My goodness, talking about the headscarf law has brought up some interesting discussion on the blogs. It appears that my mistake was to think that this was ever about improving the lives of Muslim girls. From the responses there is one thing that is clear – this law is about legislating conformity.
For example, from Lilli Marleen:
So who is wetting their pants about what French do in their schools and Germany – hopefully – will do soon after? The girls can go to school, all they have to do is to behave like anyone else.
I’m sure that will make a stirring addition to the EU constitution: You have the right to be just like everyone else, especially if you’re under age. Any failure to take advantage of this right will be punished in the law. It is exactly this sentiment that leads people to think xenophobia towards non-Europeans is a deep seated problem.
From Stefan Isaacs, responding to the discussion on Crooked Timber:
Few in the discussion seem to grasp that different societies have different social rules. Most of the discussion seems to revolve about whether the French are right or wrong. There are some dissenters to the general chain of thought (I am one of them) who feel that either the French have the right to mandate certain changes in order to maintain the structure of their society or that these young women don?t have a freedom of choice (in their home or Muslim society) to not wear the veil and that it is a control mechanism.
What is striking to me is the general arrogance exhibited by most in the discussion. The presumption is that the French don?t really understand freedom of expression or religion. The commenters seem to be erudite and well educated but the narrowness of the viewpoint really bothers me.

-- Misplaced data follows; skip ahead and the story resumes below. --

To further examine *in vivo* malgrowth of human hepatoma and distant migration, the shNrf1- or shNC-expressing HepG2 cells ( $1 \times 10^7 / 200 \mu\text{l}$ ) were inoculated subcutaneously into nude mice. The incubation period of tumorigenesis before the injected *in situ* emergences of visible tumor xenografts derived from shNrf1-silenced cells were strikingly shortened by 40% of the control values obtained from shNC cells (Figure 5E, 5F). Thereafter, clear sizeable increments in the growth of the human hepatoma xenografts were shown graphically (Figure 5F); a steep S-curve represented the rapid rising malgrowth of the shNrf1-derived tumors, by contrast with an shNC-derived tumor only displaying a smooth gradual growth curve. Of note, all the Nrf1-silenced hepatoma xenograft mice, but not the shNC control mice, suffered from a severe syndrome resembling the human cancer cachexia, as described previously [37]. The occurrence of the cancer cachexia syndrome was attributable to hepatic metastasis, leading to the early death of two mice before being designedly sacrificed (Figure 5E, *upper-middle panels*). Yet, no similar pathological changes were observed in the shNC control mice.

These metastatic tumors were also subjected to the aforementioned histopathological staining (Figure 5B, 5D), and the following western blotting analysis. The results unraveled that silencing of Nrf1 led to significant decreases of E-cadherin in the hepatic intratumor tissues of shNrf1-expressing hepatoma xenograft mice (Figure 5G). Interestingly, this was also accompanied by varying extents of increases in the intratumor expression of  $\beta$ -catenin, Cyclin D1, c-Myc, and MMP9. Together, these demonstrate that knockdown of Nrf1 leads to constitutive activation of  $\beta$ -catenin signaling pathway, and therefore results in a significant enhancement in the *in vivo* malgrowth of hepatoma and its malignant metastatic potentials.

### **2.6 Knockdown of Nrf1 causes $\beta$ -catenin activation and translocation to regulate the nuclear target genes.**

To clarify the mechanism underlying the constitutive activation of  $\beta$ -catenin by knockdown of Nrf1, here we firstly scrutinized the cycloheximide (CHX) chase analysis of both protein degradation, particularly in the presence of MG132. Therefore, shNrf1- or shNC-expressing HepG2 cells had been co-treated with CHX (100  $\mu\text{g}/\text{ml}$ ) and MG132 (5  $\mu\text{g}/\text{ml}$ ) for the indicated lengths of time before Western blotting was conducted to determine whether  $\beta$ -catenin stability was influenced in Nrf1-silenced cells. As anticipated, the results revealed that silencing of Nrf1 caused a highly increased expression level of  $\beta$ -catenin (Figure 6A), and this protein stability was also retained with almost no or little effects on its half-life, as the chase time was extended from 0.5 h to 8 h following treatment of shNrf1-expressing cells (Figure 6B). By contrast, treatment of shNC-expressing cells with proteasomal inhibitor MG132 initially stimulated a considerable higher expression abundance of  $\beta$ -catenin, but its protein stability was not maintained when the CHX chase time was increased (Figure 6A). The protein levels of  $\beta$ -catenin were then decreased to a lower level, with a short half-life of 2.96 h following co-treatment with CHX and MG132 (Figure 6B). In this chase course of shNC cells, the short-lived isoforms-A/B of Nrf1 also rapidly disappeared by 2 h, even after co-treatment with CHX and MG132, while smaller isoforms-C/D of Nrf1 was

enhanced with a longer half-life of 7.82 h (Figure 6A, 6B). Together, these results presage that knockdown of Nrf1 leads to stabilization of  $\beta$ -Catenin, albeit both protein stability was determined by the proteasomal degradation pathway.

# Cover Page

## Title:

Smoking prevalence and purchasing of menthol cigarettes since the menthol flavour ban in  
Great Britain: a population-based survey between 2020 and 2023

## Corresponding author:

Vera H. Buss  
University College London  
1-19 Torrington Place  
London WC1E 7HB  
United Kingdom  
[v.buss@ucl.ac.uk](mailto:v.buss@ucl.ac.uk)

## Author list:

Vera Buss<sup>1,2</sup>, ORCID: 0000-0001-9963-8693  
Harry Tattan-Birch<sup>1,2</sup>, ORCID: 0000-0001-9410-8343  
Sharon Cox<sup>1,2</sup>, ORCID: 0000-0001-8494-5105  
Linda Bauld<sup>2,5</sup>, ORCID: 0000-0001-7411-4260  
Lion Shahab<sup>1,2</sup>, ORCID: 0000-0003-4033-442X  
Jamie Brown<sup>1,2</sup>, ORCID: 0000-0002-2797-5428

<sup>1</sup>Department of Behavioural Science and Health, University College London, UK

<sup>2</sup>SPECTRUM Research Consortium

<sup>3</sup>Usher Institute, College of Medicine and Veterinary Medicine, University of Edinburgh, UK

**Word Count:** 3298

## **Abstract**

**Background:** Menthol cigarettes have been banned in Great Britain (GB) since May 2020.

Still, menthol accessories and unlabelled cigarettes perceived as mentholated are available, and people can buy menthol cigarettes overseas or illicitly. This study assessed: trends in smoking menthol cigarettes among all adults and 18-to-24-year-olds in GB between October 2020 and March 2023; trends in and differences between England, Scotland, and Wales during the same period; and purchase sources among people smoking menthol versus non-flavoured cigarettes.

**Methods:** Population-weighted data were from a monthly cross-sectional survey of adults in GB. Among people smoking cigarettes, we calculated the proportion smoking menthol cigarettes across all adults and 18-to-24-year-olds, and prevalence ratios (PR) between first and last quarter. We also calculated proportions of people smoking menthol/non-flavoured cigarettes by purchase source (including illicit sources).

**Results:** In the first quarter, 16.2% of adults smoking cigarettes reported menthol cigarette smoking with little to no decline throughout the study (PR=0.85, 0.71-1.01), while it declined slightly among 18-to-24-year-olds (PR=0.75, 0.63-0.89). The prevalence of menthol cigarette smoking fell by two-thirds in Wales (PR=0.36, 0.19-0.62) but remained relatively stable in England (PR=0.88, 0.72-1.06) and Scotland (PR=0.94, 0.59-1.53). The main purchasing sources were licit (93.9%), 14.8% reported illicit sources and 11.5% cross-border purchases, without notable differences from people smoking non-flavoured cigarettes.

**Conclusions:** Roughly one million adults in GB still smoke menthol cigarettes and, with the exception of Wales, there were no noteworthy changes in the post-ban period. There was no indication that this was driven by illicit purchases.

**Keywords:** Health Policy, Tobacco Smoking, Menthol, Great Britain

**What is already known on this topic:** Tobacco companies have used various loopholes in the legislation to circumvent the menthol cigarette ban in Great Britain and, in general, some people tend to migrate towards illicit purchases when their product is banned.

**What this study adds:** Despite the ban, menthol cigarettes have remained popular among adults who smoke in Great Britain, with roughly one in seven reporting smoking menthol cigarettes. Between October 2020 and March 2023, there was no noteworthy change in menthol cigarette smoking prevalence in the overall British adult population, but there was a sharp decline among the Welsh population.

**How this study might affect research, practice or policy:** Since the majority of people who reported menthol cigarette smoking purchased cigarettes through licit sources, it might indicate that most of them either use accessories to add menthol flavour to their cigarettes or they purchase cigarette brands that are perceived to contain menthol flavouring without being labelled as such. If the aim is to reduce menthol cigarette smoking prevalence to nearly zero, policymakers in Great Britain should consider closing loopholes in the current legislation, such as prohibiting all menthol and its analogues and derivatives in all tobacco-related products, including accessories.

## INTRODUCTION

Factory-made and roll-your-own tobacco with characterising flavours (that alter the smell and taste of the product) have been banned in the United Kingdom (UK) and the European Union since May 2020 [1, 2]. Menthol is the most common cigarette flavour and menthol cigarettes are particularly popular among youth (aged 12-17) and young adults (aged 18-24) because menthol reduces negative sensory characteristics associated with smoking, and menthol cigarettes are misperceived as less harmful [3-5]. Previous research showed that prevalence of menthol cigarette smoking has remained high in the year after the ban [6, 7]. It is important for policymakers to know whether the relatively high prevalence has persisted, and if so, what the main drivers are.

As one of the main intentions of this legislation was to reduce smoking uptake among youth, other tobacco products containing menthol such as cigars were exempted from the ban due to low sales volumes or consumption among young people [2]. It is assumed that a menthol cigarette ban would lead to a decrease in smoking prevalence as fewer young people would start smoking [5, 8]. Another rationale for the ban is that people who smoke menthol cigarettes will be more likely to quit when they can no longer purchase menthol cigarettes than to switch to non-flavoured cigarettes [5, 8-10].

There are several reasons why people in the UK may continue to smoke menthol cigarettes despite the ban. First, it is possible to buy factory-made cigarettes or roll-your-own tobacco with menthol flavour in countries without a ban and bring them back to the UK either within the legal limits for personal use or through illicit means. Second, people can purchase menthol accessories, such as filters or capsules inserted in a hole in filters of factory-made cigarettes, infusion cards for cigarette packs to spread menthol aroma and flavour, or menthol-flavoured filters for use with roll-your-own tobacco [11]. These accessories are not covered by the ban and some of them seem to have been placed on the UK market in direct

I wonder how many other places we might apply this logic. Did the Taliban have the right to mandate that women wear the hijab in order to defend the structure of their society? And I wonder how many children of any religion have the freedom to choose whether or not to go to school, or what school they get placed in?
No, the French government and a large part of the French population doesn’t really understand freedom of religion and they don’t understand it in exactly the same manner that most Americans don’t understand diversity, multi-culturalism or freedom of expression. Islam is entirely secure in France, so long as it has no measurable significance and makes no meaningful demands on believers.
In the same light, we have this comment on a previous post:
Integration starts from the willingness to be integrated. For those who’d rather pay for private schooling and keep forcing their children to submit to an absurd dictate that demeans them as a person, it’s clear there is no willingness at all there. You can’t blame this on others.
So, this law really is about separating those who want to be just like everybody else from those sticks in the mud who thought that France was a place where people were free to be who they are. Perhaps we should attack other absurd dictates, like dietary rules. Any child who won’t eat pork should be excluded from the schools. We could do the same for Frenchmen who move to America. If you won’t drink Budweiser and can’t stand the Superbowl, then you don’t really want to integrate, do you?
From Phersu at Larvatus prodeo:
La loi sur la la?cit? devait simplement permettre aux Musulmanes non-voil?es de ne pas porter le voile si elles le voulaient, m?me si pour cela il faut exclure la minorit? qui veut transgresser la la?cit?.
So, forbidding girls from wearing headscarves (and boys from wearing yarmulkes and turbans), is in fact permitting girls to not wear headscarves. You’ll excuse me if I find interdiction is permission a touch on the Orwellian side.